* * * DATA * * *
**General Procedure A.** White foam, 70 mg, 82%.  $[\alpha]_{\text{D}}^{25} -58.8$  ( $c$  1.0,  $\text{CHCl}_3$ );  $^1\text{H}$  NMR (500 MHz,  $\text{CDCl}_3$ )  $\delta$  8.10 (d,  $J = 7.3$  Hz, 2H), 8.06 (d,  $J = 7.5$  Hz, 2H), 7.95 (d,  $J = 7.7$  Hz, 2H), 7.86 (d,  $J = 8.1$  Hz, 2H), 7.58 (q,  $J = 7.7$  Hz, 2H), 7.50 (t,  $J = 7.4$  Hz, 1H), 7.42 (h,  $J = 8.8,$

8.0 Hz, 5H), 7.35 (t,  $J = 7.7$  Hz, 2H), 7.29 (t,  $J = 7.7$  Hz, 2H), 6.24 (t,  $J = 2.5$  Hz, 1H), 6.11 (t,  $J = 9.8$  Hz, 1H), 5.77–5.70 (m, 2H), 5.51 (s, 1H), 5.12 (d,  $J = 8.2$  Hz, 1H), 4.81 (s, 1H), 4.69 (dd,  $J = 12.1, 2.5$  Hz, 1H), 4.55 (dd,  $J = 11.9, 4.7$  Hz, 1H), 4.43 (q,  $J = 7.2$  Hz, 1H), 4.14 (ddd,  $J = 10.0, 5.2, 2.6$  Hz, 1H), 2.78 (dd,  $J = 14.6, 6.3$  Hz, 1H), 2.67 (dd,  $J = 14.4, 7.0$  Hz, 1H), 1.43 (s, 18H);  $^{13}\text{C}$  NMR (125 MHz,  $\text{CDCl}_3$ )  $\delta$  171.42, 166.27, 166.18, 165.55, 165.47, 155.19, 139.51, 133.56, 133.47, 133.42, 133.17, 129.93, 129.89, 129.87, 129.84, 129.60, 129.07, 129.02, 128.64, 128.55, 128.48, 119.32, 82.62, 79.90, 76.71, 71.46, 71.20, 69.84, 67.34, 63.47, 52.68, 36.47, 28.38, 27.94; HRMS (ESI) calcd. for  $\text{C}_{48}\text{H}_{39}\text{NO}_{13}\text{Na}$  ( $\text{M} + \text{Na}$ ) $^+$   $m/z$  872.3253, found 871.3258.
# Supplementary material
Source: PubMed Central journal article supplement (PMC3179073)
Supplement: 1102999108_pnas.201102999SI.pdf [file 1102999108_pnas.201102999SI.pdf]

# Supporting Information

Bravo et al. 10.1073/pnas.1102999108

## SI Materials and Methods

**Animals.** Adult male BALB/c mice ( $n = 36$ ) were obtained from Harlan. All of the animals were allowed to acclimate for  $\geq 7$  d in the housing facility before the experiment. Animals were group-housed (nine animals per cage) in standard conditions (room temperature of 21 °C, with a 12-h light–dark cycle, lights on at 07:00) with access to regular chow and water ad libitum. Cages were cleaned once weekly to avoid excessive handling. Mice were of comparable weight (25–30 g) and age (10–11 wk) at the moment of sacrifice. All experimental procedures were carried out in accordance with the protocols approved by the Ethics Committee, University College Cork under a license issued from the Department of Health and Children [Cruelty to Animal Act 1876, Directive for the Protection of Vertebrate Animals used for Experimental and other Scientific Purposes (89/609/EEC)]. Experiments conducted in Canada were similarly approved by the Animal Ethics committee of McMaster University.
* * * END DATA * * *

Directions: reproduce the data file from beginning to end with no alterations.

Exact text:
**General Procedure A.** White foam, 70 mg, 82%.  $[\alpha]_{\text{D}}^{25} -58.8$  ( $c$  1.0,  $\text{CHCl}_3$ );  $^1\text{H}$  NMR (500 MHz,  $\text{CDCl}_3$ )  $\delta$  8.10 (d,  $J = 7.3$  Hz, 2H), 8.06 (d,  $J = 7.5$  Hz, 2H), 7.95 (d,  $J = 7.7$  Hz, 2H), 7.86 (d,  $J = 8.1$  Hz, 2H), 7.58 (q,  $J = 7.7$  Hz, 2H), 7.50 (t,  $J = 7.4$  Hz, 1H), 7.42 (h,  $J = 8.8,$

8.0 Hz, 5H), 7.35 (t,  $J = 7.7$  Hz, 2H), 7.29 (t,  $J = 7.7$  Hz, 2H), 6.24 (t,  $J = 2.5$  Hz, 1H), 6.11 (t,  $J = 9.8$  Hz, 1H), 5.77–5.70 (m, 2H), 5.51 (s, 1H), 5.12 (d,  $J = 8.2$  Hz, 1H), 4.81 (s, 1H), 4.69 (dd,  $J = 12.1, 2.5$  Hz, 1H), 4.55 (dd,  $J = 11.9, 4.7$  Hz, 1H), 4.43 (q,  $J = 7.2$  Hz, 1H), 4.14 (ddd,  $J = 10.0, 5.2, 2.6$  Hz, 1H), 2.78 (dd,  $J = 14.6, 6.3$  Hz, 1H), 2.67 (dd,  $J = 14.4, 7.0$  Hz, 1H), 1.43 (s, 18H);  $^{13}\text{C}$  NMR (125 MHz,  $\text{CDCl}_3$ )  $\delta$  171.42, 166.27, 166.18, 165.55, 165.47, 155.19, 139.51, 133.56, 133.47, 133.42, 133.17, 129.93, 129.89, 129.87, 129.84, 129.60, 129.07, 129.02, 128.64, 128.55, 128.48, 119.32, 82.62, 79.90, 76.71, 71.46, 71.20, 69.84, 67.34, 63.47, 52.68, 36.47, 28.38, 27.94; HRMS (ESI) calcd. for  $\text{C}_{48}\text{H}_{39}\text{NO}_{13}\text{Na}$  ( $\text{M} + \text{Na}$ ) $^+$   $m/z$  872.3253, found 871.3258.
# Supplementary material
Source: PubMed Central journal article supplement (PMC3179073)
Supplement: 1102999108_pnas.201102999SI.pdf [file 1102999108_pnas.201102999SI.pdf]

# Supporting Information

Bravo et al. 10.1073/pnas.1102999108

## SI Materials and Methods

**Animals.** Adult male BALB/c mice ( $n = 36$ ) were obtained from Harlan. All of the animals were allowed to acclimate for  $\geq 7$  d in the housing facility before the experiment. Animals were group-housed (nine animals per cage) in standard conditions (room temperature of 21 °C, with a 12-h light–dark cycle, lights on at 07:00) with access to regular chow and water ad libitum. Cages were cleaned once weekly to avoid excessive handling. Mice were of comparable weight (25–30 g) and age (10–11 wk) at the moment of sacrifice. All experimental procedures were carried out in accordance with the protocols approved by the Ethics Committee, University College Cork under a license issued from the Department of Health and Children [Cruelty to Animal Act 1876, Directive for the Protection of Vertebrate Animals used for Experimental and other Scientific Purposes (89/609/EEC)]. Experiments conducted in Canada were similarly approved by the Animal Ethics committee of McMaster University.